DUBAI (Reuters) - Saudi Arabia posted a fiscal deficit of 32.1 billion riyals ($8.56 billion) in the third quarter this year, a big jump from the 7.3 billion riyals during the same period last year but 4% less than the previous quarter.
The finances of the Gulf state, the world’s largest oil exporter, have been hurt this year because of low crude prices and OPEC-led production cuts.
Oil revenues dropped to 131.8 billion riyals from 174.9 billion riyals the previous quarter, a 24.6% drop, a statement issued by the Saudi ministry of finance showed.
The drop follows attacks on Saudi oil plants in September which initially halved the kingdom’s oil production but which, Saudi Arabia’s Finance Minister said in September, had “zero” impact on government revenues.
“The fiscal data for 3Q point to a relatively limited impact from the attacks on Saudi Arabia’s oil facilities in Abqaiq and Khurais in mid-September,” Monica Malik, chief economist at Abu Dhabi Commercial Bank, said in a note.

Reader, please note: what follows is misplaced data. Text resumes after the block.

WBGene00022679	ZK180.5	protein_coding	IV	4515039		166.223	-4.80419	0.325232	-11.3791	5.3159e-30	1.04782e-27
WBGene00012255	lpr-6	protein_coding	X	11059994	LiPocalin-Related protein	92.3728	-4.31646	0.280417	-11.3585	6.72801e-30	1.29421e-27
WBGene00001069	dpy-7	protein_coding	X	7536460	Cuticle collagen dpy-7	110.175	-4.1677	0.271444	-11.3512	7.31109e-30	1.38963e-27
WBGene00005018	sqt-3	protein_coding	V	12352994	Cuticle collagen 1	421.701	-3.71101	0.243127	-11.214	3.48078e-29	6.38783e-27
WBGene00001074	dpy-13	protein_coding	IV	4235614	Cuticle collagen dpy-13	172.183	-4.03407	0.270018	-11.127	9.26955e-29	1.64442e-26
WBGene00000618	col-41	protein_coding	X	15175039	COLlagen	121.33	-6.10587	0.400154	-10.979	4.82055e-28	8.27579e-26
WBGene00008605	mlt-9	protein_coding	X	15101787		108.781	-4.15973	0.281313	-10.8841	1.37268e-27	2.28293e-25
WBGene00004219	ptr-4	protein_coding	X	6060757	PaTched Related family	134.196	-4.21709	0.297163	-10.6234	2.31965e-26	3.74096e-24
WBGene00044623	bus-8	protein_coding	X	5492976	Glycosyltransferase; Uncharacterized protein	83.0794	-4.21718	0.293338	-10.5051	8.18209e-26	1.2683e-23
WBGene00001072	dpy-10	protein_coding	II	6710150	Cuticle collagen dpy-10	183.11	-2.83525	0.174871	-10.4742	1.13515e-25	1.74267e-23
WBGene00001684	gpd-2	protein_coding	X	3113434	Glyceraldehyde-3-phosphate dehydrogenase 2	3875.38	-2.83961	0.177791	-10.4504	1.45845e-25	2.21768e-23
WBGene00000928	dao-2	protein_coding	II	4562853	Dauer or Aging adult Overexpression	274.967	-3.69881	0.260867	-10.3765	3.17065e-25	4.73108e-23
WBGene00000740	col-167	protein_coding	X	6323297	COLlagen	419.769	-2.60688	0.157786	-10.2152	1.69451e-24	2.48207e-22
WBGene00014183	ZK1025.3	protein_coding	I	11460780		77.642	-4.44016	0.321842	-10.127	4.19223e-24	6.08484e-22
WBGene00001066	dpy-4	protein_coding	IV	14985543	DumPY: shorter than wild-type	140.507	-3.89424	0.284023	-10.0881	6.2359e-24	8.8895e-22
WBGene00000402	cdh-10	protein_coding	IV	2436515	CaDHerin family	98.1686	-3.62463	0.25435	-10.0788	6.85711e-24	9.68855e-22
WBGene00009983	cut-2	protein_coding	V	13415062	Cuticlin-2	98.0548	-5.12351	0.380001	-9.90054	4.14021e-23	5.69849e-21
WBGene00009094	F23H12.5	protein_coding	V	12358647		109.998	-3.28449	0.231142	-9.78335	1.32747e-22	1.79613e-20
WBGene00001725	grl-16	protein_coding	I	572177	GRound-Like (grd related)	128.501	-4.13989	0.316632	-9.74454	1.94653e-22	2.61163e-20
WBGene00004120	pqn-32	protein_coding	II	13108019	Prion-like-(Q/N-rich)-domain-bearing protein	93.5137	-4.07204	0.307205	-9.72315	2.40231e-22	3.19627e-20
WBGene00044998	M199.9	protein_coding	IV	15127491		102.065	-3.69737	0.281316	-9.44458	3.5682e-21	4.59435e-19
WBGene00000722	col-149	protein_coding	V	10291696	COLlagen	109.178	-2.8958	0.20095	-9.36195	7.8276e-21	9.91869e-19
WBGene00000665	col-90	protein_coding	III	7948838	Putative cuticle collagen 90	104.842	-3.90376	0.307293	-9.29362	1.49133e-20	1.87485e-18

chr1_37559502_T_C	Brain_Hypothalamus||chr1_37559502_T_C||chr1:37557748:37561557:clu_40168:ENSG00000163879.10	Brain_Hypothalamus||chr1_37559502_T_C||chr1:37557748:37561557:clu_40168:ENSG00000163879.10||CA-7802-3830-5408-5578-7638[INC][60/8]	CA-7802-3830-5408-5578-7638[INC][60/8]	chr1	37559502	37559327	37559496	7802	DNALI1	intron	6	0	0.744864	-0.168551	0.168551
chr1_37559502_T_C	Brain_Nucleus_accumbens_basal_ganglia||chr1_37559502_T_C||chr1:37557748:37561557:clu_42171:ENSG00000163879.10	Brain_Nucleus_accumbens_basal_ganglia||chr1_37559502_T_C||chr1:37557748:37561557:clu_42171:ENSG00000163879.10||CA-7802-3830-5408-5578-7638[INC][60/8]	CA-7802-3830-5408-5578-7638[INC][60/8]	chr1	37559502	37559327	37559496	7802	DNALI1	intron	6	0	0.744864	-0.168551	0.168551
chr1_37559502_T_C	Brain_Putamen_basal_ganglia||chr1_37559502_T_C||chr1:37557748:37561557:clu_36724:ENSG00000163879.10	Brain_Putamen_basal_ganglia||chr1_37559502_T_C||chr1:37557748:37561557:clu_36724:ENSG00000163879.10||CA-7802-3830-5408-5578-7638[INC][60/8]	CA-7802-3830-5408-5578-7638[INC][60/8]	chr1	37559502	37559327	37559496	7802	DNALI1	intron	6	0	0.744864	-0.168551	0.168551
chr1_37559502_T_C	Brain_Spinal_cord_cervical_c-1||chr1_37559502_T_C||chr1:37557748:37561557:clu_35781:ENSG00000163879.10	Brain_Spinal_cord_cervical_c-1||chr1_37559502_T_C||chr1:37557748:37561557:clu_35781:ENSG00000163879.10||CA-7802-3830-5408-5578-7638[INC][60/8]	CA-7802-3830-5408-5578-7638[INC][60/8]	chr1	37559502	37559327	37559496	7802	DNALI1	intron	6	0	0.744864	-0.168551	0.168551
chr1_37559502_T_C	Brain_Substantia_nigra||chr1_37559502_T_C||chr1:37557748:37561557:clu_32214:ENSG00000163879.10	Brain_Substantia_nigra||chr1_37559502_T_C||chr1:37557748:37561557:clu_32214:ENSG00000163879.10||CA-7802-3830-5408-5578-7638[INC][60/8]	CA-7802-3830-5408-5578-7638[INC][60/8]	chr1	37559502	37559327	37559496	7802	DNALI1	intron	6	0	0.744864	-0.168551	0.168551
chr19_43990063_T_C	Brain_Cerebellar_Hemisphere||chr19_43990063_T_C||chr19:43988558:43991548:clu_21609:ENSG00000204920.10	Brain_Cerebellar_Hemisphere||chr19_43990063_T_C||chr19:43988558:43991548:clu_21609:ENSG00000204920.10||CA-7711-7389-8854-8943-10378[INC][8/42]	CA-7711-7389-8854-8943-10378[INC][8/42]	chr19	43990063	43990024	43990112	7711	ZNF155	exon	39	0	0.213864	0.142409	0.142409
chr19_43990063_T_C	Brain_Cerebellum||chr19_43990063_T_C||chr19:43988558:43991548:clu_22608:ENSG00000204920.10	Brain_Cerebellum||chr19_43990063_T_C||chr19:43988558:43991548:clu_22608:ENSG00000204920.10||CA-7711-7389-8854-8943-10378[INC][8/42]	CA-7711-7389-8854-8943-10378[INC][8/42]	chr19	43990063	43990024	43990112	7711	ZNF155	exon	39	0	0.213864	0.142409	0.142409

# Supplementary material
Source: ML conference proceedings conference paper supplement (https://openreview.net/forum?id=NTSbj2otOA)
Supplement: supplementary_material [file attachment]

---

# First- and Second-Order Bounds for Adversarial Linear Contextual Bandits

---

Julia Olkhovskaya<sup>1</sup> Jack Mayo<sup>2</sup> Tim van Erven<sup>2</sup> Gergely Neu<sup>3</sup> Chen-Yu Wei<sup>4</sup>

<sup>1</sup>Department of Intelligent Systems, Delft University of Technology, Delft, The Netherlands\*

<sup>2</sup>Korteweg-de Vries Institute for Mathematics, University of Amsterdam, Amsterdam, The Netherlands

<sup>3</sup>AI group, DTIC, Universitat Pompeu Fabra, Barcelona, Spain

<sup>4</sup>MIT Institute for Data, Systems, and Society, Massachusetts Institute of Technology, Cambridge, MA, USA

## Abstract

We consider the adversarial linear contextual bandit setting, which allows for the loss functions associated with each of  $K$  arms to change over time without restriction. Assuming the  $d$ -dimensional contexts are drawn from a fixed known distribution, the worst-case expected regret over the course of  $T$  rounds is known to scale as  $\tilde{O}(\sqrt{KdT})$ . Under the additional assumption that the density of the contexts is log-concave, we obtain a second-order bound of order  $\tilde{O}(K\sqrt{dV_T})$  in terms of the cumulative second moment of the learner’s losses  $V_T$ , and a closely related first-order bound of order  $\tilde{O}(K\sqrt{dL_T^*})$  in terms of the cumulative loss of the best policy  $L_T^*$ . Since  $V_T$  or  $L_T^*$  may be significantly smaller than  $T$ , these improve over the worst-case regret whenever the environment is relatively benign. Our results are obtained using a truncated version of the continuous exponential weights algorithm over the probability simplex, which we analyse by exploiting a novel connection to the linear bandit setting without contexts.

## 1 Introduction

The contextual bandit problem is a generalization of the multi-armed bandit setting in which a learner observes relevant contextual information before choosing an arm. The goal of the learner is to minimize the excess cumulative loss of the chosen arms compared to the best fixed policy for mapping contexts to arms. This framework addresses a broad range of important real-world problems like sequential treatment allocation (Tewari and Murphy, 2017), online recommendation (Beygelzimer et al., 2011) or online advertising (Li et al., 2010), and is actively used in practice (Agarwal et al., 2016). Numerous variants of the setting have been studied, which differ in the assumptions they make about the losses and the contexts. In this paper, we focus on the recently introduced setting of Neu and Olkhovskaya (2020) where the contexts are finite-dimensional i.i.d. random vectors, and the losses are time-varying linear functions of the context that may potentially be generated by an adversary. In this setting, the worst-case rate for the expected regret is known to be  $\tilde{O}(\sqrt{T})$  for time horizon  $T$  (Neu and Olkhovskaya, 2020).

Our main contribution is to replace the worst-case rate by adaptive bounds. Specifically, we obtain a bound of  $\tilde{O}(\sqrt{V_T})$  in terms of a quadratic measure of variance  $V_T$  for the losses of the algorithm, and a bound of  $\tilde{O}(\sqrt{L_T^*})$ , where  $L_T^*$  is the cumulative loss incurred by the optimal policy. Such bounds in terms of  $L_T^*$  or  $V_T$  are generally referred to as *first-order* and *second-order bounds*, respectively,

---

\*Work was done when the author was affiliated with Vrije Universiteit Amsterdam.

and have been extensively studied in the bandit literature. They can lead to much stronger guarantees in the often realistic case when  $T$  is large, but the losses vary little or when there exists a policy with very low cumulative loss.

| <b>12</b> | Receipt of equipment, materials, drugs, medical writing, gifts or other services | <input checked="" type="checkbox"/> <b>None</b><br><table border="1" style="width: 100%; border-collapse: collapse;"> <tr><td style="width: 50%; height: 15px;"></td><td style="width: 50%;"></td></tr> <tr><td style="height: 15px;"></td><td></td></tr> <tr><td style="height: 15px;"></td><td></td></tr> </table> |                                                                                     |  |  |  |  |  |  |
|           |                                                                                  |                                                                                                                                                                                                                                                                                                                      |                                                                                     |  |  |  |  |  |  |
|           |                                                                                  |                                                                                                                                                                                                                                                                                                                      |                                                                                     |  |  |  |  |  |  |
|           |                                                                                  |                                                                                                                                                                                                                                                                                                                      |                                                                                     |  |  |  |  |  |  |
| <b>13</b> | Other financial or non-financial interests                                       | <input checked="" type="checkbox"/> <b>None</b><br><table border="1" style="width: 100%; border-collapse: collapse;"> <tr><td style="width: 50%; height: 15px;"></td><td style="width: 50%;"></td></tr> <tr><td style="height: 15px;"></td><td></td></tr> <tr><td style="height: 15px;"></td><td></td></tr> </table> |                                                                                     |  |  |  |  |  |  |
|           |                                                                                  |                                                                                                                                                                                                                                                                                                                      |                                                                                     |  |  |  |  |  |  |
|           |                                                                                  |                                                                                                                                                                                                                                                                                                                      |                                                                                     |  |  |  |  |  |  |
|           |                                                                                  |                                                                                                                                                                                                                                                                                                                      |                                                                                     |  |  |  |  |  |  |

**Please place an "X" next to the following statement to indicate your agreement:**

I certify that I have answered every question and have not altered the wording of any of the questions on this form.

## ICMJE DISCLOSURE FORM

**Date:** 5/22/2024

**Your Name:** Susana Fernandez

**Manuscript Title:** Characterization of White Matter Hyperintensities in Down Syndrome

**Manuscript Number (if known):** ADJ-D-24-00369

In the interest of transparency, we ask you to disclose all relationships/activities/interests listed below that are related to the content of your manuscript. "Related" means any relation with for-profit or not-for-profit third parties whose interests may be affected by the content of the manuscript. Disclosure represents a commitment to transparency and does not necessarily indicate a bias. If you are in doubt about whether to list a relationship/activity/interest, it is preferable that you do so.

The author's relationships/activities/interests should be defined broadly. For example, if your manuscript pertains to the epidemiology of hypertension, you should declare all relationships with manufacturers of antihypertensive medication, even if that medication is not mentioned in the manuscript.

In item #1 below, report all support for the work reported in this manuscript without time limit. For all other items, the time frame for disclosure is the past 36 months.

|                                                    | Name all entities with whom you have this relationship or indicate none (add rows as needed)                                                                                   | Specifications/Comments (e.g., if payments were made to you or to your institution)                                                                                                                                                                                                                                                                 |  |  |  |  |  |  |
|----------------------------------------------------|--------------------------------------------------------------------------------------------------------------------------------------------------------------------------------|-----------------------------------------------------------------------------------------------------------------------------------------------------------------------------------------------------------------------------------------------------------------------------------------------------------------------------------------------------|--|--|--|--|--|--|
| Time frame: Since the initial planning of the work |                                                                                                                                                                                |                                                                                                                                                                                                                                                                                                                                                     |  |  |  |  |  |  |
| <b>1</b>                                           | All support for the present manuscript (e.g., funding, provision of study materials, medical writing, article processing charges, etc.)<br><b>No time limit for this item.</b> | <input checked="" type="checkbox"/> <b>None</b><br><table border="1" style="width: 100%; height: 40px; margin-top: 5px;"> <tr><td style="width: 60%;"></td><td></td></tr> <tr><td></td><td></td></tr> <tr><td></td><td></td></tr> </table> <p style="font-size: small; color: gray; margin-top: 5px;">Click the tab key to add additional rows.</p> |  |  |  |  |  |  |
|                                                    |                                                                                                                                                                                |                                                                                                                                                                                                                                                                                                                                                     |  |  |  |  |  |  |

“Whilst government revenue did fall on a quarterly basis … we believe that this was also partly a result of the lower average oil price and the targeted production cuts aimed at balancing the oil market.”
Saudi Arabia told OPEC its oil production in September fell by 660,000 barrels per day (bpd) compared with August to 9.13 million bpd in the wake of the attacks.
The revenue drop was partly offset by a decrease in government expenditure, which dropped 18% from the second quarter to 239.4 billion riyals.
Non-oil revenues dropped 12.2% quarter-on-quarter to 75.4 billion riyals.
Riyadh, which aims to balance its budget by 2023, expects its deficit to widen to 187 billion riyals, or 6.5% of gross domestic product (GDP), next year, from a projected 131 billion this year, or 4.7% of GDP, the finance minister said last week.
In the year to September, it had a deficit of 37.8 billion riyals, meaning in the fourth quarter it is expected to post a deficit of over 90 billion riyals.
Reporting by Davide Barbuscia; Editing by Andrew Cawthorne
Our Standards: The Thomson Reuters Trust Principles.